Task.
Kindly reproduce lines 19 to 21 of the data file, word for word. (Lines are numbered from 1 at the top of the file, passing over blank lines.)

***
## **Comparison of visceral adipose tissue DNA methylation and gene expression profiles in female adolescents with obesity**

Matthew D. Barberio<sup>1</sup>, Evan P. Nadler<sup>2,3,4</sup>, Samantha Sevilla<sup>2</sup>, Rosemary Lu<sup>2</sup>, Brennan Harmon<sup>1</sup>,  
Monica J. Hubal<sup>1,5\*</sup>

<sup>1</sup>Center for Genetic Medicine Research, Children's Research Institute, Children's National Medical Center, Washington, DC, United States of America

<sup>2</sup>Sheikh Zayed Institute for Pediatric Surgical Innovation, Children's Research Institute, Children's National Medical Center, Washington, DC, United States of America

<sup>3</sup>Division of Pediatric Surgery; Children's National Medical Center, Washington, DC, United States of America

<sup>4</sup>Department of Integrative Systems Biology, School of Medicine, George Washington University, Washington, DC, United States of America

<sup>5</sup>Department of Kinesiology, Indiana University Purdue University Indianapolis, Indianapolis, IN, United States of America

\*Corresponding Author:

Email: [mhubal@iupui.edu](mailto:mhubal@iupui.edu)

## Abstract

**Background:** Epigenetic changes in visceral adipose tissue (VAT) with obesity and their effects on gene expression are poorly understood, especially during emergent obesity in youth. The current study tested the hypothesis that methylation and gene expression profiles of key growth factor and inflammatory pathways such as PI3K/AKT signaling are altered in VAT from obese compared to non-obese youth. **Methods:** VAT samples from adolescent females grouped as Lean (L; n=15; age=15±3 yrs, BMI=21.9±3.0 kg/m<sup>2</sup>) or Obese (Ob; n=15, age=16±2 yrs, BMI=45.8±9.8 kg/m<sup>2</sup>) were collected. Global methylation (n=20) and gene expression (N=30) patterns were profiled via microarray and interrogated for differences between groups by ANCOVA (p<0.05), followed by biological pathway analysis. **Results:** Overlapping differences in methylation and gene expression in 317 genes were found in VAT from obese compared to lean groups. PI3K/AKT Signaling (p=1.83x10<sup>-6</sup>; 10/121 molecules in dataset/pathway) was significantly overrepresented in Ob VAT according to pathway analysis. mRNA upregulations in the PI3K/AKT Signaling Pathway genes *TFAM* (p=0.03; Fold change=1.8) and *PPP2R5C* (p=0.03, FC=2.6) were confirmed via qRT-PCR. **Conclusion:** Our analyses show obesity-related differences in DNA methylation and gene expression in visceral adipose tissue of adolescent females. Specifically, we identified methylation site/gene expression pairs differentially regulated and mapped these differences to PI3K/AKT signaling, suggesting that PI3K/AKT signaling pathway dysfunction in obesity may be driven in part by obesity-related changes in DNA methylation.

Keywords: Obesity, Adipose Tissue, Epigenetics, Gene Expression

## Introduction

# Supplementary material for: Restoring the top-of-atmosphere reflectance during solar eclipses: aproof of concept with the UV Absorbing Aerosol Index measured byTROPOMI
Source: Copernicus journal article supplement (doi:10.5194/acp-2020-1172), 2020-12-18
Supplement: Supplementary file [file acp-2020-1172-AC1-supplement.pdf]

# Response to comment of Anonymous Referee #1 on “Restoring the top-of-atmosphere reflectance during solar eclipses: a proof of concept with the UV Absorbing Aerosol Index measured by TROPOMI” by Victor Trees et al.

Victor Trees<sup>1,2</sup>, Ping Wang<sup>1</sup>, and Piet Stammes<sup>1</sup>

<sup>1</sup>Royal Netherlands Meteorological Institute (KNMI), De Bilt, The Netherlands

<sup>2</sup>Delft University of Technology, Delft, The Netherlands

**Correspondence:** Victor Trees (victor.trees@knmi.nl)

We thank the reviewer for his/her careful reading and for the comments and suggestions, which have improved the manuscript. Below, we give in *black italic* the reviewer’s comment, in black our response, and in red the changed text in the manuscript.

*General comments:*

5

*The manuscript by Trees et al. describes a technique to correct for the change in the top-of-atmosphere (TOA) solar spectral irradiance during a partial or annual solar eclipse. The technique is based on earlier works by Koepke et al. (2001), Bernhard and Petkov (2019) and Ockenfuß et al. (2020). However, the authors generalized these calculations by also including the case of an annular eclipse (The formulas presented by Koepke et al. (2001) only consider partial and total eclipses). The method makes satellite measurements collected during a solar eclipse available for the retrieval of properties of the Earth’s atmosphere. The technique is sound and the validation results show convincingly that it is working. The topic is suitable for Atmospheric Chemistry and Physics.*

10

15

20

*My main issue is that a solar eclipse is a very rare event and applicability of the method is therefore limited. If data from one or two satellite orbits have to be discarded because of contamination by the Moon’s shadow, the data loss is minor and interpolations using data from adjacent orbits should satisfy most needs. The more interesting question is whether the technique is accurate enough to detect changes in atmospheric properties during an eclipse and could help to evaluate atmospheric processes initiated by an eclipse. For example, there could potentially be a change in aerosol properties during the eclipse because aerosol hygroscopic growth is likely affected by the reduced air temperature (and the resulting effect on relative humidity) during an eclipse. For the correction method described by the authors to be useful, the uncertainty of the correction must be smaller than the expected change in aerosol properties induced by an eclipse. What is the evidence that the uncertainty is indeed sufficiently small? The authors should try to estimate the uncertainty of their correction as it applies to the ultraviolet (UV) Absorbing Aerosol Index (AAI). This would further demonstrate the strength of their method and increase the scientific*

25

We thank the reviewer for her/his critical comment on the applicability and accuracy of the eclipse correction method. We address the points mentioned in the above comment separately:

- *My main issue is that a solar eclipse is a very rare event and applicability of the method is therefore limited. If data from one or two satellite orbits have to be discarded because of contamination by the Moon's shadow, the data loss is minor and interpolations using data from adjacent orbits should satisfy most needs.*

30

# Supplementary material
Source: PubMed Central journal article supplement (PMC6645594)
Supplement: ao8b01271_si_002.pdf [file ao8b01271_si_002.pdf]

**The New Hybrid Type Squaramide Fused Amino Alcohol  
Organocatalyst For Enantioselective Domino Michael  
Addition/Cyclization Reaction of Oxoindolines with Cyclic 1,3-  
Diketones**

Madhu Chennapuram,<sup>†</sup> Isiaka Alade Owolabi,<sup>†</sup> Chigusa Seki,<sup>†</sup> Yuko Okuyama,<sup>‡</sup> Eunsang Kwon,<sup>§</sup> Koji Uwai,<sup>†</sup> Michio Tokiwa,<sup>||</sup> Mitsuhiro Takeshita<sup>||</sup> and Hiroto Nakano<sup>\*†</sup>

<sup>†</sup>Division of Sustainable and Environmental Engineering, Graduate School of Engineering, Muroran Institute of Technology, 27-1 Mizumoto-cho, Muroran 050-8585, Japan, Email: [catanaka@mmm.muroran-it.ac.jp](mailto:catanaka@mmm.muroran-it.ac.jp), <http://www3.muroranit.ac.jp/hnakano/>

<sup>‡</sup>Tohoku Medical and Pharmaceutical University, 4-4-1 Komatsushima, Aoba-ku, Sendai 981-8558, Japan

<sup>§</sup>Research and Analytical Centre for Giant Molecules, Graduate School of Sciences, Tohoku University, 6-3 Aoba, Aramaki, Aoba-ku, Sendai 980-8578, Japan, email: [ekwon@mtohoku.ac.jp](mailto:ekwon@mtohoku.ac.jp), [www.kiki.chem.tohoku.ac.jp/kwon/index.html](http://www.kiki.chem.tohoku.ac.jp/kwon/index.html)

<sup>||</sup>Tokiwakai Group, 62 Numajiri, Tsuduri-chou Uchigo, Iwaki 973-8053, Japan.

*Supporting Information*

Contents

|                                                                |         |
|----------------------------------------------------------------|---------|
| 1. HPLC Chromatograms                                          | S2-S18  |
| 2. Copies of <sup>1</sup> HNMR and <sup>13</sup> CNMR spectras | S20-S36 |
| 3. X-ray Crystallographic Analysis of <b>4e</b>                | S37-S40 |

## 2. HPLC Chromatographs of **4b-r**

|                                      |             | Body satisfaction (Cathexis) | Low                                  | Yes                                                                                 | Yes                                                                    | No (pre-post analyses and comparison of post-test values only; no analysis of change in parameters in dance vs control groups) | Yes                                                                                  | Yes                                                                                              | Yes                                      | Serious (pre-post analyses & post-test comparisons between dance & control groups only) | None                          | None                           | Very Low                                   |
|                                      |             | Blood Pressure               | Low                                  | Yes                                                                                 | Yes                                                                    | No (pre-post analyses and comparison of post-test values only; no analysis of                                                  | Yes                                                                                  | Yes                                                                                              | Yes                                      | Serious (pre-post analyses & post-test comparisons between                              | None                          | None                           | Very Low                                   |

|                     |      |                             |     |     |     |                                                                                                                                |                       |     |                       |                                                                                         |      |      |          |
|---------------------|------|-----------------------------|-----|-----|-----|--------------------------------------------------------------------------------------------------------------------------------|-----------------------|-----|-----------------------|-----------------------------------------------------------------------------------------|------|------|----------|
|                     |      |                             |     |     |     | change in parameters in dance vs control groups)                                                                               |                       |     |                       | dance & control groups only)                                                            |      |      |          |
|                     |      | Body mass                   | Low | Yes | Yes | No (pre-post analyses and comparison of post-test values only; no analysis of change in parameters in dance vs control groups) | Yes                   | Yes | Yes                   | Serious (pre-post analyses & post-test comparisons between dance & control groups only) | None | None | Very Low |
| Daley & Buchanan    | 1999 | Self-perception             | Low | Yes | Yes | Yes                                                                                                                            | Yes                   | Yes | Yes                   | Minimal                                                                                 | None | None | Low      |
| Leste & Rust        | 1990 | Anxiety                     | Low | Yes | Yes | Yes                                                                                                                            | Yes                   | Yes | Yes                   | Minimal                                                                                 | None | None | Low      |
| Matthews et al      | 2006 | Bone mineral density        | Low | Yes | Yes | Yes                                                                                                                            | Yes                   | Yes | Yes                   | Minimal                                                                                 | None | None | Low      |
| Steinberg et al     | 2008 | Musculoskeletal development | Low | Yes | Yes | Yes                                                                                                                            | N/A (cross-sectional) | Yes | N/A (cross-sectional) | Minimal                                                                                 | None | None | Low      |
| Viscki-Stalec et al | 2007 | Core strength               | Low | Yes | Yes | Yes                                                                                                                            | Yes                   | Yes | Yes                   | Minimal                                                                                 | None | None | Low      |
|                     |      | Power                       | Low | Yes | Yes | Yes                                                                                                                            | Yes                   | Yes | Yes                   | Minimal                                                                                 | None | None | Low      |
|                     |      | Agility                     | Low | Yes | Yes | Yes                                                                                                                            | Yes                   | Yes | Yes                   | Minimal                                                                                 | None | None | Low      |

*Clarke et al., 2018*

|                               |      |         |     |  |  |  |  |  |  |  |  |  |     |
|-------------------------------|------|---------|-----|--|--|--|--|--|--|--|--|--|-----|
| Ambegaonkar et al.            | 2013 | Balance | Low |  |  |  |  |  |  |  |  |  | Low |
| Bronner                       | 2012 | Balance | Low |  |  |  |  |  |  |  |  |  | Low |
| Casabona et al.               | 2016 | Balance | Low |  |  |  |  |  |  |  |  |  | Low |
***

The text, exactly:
Victor Trees<sup>1,2</sup>, Ping Wang<sup>1</sup>, and Piet Stammes<sup>1</sup>

<sup>1</sup>Royal Netherlands Meteorological Institute (KNMI), De Bilt, The Netherlands

<sup>2</sup>Delft University of Technology, Delft, The Netherlands